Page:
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Data & e-commerce: Protecting the gold of the 21st Century

• According to Indian experts, developing countries do not possess any chance of reaping benefits from global e-commerce policy draft document.
• The inclusion of data localisation in India’s own draft e-commerce policy has been strongly contested by companies like MasterCard, Facebook and Google.
• With a 1.3 billion strong consumer base, India provides an immense business prospects for foreign digital products, thus it is impossible for India to give a green signal on the removal of data localization clause and sharing it across borders.
• Premature assent to global e-commerce rules would not be a sensible, especially since these are driven by the interests of large corporates.

Factually, India did not sign any regional trade agreement in last five years, and this is attributable to a number of reasons. There are several regional trade agreements, which are still being negotiated like RCEP, India-Australia CECA (comprehensive economic cooperation agreement), India-EU and India-Brazil.

Some trade policy experts support trading off merchandise trade vis-a-vis service trade. According to these experts, it is absolutely feasible to open our markets in return for our services exports. There is no doubt about the competitiveness of some of India’s services exports like ICT, healthcare, education and other business services. But since it is non-tangible, especially through mode 4, there might be some reservations on this very idea.

This approach is anticipated to get repeated in the coming years with respect to e-commerce policy negotiations. Since India is not a part of global e-commerce policy discussions and has decided to frame its own e-commerce policy, there will certainly be discrepancies that will show up on negotiating tables in the coming years.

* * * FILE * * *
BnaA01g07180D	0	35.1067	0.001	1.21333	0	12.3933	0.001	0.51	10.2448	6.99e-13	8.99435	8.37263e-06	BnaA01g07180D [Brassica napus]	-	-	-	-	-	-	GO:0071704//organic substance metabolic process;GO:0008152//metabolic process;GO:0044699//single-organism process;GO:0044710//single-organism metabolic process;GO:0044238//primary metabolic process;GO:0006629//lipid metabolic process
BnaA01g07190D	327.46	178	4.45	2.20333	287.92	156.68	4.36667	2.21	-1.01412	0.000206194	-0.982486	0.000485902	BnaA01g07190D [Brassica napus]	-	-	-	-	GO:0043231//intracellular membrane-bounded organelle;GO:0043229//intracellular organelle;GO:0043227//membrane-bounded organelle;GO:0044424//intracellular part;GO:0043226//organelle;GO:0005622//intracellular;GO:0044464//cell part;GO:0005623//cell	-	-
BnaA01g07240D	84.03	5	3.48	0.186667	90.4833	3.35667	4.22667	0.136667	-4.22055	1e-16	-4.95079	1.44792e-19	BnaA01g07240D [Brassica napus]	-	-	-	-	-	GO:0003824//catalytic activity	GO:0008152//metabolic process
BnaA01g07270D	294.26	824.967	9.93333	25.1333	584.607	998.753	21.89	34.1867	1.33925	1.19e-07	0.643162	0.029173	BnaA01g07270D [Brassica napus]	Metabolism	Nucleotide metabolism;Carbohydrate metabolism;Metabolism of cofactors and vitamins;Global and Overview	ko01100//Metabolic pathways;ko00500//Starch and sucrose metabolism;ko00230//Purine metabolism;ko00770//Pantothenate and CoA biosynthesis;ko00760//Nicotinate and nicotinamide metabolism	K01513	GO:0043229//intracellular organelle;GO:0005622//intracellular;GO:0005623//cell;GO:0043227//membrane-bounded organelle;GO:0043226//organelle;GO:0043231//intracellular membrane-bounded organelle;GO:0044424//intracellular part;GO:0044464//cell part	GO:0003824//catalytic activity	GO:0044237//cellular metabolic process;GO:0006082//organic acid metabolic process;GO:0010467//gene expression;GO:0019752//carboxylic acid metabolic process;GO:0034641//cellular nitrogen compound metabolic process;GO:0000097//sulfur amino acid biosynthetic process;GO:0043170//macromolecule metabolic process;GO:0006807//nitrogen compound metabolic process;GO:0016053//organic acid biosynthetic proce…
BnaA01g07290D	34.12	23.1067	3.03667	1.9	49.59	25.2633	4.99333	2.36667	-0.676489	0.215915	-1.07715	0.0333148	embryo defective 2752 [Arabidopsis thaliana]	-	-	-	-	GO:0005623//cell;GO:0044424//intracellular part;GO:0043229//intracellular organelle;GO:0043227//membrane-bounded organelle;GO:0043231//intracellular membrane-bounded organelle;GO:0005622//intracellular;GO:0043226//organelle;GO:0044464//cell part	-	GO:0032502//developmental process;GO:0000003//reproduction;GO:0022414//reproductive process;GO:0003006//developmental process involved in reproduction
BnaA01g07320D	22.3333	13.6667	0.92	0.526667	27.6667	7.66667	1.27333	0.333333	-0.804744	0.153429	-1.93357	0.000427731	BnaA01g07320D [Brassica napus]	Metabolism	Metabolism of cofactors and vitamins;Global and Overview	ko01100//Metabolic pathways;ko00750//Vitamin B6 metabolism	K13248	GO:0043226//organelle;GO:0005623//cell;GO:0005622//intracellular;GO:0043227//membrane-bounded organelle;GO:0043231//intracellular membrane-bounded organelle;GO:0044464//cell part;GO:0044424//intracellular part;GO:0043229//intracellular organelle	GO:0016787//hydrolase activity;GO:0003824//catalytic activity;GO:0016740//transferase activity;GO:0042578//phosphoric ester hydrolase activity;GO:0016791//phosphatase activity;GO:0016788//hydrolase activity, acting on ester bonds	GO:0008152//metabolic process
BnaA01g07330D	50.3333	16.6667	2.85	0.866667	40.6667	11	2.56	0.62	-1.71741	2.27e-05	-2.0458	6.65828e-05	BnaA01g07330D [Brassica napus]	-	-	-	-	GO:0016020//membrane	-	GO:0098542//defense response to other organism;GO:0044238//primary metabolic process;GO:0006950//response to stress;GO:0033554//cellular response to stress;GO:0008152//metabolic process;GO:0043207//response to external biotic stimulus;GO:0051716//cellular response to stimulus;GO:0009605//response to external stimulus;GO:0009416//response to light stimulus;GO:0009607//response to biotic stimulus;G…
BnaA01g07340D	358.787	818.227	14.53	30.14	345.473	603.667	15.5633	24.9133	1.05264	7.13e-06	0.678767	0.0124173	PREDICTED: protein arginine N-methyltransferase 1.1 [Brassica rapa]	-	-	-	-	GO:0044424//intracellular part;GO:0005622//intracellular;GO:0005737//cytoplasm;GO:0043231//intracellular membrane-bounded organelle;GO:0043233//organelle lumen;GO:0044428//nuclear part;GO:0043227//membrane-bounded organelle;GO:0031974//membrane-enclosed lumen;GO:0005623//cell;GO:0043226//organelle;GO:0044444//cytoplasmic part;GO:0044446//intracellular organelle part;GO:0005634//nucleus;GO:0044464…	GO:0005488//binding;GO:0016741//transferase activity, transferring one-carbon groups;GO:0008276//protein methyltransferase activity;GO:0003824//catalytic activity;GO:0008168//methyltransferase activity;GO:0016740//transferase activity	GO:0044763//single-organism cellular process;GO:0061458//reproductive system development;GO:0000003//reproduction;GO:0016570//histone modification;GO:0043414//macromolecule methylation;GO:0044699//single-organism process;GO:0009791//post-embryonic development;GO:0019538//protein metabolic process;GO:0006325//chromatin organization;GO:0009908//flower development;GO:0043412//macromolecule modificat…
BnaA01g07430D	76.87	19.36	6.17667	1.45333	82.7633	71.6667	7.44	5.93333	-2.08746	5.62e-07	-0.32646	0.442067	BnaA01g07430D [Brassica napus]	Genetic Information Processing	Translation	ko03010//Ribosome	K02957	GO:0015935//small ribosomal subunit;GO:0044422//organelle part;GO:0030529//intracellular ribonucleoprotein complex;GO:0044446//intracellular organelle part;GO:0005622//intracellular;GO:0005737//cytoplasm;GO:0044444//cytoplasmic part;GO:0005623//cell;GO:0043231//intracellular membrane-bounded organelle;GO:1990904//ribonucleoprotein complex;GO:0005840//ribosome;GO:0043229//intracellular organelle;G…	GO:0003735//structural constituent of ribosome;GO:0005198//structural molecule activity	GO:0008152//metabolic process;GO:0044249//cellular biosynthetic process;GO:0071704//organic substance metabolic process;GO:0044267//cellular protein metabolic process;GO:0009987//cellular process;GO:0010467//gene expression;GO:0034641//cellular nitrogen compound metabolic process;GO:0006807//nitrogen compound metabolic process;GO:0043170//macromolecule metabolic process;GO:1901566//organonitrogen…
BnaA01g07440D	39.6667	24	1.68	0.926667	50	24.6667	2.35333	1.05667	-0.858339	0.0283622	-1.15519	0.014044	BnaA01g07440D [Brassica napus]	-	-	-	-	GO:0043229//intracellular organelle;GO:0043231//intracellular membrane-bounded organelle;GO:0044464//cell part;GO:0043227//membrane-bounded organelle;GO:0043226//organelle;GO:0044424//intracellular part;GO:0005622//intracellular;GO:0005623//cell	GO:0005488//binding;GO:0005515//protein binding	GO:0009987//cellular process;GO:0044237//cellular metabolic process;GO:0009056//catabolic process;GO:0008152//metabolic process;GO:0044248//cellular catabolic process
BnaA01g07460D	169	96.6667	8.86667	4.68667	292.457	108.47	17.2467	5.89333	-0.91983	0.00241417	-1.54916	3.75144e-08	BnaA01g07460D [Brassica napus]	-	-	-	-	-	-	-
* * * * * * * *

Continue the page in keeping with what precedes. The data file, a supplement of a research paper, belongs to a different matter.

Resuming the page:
According to Indian experts, developing countries do not possess any chance of reaping benefits from global e-commerce norms being discussed by a limited group of 75 nations. India’s concern stems from the absence of a domestic policy as well as free data flow being pushed by the US and Europe. Moreover, Indian policy makers are also skeptical vis-à-vis the impact on developing and least developed countries, as the draft global e-commerce policy has a mandate to lower duties and ease restrictions on services trading. Another issue that has rankled developed countries, particularly the US, is the data localisation requirement, which is the most vital concern for India.

Data: A national treasure

In the context of e-commerce, data is any specific type of information transformed into a binary digital format that is feasible and effective to store, process and transfer across various devices, platforms, borders and servers. Data is a valuable resource for any individual, entity, corporation or a Government. It has a real and quantifiable value, that can be utilised to aid decision-making and strategising for that particular organisation. Data engendered by activity in one domain or sector can facilitate a competitive edge for a new opportunity in another sector or domain.